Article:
• When managed by a prostate cancer specialist, testosterone replacement therapy for men with a history of prostate cancer does not increase recurrence rates following radical treatment or progression rate after placement on active surveillance.
  • PSA (Prostate-Specific Antigen) levels in men between the ages of 45 and 55 can aid in detecting those at risk of developing high risk prostate cancer. A PSA of less than 1 in men younger than age 55 should be evaluated by a qualified specialist.
  • In patients with bladder cancer, smoking cessation is the most important intervention to reduce the risk of recurrence and progression.

Jeffrey J. Tomaszewski, MD
Director, Genitourinary Oncology Center

  • Testicular cancer is a leading cancer in men aged 15-44, so much so that every hour a male is diagnosed, and every day a life is lost from testicular cancer.  Testicular cancer can spread rapidly and is deadly if left untreated, but is curable 95 percent of the time when detected early.  So what should you do?  “Feel your nuts!” Monthly self-exams can detect testicular cancer early, before it’s too late.  You should see a physician right away if  you feel anything out of the ordinary.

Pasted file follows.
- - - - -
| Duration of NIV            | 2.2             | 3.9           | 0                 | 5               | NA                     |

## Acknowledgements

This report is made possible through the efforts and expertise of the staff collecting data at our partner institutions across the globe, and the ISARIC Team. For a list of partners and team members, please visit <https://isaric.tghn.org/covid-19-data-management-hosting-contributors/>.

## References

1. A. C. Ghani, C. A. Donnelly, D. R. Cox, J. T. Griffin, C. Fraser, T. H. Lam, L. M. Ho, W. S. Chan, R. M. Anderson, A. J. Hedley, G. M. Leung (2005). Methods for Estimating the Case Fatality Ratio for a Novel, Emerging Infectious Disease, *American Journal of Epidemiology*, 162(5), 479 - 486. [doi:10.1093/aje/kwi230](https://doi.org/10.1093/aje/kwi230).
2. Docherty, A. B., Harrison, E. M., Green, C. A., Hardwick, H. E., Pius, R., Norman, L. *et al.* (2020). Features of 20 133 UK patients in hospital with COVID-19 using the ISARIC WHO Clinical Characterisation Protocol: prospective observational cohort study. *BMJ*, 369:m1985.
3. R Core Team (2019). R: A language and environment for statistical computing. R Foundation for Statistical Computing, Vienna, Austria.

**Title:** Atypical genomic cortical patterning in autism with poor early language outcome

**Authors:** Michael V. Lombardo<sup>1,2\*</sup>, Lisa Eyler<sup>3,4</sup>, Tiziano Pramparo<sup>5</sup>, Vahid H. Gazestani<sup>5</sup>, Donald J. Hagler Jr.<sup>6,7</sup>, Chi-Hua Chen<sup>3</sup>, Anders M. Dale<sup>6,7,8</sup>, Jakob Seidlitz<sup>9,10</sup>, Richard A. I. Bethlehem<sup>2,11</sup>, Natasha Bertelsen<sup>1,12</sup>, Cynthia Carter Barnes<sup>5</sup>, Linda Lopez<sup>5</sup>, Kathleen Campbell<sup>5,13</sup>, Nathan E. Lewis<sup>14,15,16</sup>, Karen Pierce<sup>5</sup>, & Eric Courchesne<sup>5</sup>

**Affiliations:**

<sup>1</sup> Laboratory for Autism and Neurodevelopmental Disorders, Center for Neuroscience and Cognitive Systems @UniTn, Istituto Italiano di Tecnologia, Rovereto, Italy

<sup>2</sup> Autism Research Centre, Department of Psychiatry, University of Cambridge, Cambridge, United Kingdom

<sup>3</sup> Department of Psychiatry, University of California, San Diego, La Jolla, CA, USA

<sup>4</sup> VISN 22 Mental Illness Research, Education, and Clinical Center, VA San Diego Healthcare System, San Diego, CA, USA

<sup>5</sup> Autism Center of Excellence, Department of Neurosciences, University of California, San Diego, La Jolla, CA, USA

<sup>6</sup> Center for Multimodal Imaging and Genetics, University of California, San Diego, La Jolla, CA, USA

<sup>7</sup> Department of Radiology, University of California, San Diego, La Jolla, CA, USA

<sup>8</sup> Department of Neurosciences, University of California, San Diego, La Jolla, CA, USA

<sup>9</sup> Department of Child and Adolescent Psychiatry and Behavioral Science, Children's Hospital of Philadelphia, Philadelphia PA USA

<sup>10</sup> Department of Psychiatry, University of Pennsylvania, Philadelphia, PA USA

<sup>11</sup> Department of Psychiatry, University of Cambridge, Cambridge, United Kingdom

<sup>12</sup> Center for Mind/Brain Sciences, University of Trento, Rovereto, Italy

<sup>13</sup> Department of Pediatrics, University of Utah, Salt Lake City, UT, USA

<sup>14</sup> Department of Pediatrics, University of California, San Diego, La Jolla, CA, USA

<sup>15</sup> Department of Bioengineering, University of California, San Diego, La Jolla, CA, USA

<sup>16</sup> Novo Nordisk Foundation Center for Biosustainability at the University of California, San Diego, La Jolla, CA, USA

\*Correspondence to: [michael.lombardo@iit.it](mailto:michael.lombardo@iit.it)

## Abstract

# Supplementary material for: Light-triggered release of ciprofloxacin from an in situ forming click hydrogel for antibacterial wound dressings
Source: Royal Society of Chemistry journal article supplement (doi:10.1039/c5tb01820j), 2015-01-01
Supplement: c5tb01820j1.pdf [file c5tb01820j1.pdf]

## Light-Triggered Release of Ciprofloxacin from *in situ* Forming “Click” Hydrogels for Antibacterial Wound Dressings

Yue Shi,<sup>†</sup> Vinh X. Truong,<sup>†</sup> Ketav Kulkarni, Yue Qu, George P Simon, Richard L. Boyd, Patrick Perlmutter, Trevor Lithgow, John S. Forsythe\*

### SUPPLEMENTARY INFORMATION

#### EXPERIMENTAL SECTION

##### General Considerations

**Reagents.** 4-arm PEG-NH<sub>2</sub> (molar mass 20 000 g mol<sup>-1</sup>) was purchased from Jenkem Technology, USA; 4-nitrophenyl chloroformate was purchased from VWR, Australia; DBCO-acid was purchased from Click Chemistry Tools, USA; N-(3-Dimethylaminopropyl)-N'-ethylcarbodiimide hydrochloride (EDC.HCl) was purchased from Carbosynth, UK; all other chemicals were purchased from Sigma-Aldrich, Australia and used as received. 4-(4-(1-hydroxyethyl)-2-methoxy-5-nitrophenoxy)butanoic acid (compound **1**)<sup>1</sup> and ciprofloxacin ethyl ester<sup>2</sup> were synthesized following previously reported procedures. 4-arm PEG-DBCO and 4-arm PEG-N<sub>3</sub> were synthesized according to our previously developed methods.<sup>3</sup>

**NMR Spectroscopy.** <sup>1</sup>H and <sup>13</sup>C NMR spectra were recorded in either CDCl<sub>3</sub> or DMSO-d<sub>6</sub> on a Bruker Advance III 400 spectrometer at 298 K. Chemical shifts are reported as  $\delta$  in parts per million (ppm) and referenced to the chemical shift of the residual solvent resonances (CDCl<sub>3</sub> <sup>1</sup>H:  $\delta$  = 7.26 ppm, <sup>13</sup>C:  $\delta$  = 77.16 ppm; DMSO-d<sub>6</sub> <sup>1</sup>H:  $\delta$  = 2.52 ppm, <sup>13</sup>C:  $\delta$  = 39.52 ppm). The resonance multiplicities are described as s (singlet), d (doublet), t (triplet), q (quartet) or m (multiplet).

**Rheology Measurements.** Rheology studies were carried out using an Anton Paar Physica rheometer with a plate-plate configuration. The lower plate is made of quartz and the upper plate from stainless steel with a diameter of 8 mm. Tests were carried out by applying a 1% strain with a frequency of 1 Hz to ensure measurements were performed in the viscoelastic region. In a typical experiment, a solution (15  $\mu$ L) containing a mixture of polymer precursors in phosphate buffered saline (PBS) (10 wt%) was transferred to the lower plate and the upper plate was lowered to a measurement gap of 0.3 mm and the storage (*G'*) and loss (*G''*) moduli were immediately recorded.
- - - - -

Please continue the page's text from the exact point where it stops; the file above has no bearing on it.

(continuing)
• About five to ten percent of all prostate cancers run in families.  Prostate cancer tends to be more aggressive in men who have certain inherited genetic mutations compared with men without these inherited mutations.  To find out if you have a genetic mutation linked to prostate cancer, you can take a simple blood or saliva test.  If you have prostate cancer along with a family history of breast, colon, ovarian, pancreatic or prostate cancer, you should talk to your doctor about possible genetic testing.

One Comment

  1. Kathleen Bonner

    My husband has been diagnosed with prostate cancer. From reading, I see that erectile dysfunction is a clue. He’s had ED for years, maybe 5-6 years. His PSA was consistently high, around 5.5 to 5.8, really higher and lower, but in that range. His family physician told him he should not get biopsies done until his PSA reached the double digits, so we weren’t worried. My husband’s new family doctor referred my husband to a urologist. My husband was stubborn about it, so the urologist kept checking the PSA every 6 months, which recently spiked to 7.4. Biopsies were done. Five out of ten are cancer, all a 7 on the Gleason Scale. Four are inside, one is “in the front.” My concern is that my husband’s PSA shouldn’t have been dismissed by his previous family physician. We may not have wound up in this situation.

    My husband had a CT scan of the pelvis, and a full body scan yesterday, August 26, 2020. We’re now waiting for the results. We live in Delaware, in the Rehoboth Beach area.

    After receiving the results, we’ll be looking into treatment options.

    Doctors should be strongly encouraging their patients with ED and high PSA to get biopsied. My husband’s cancer could have been detected much earlier!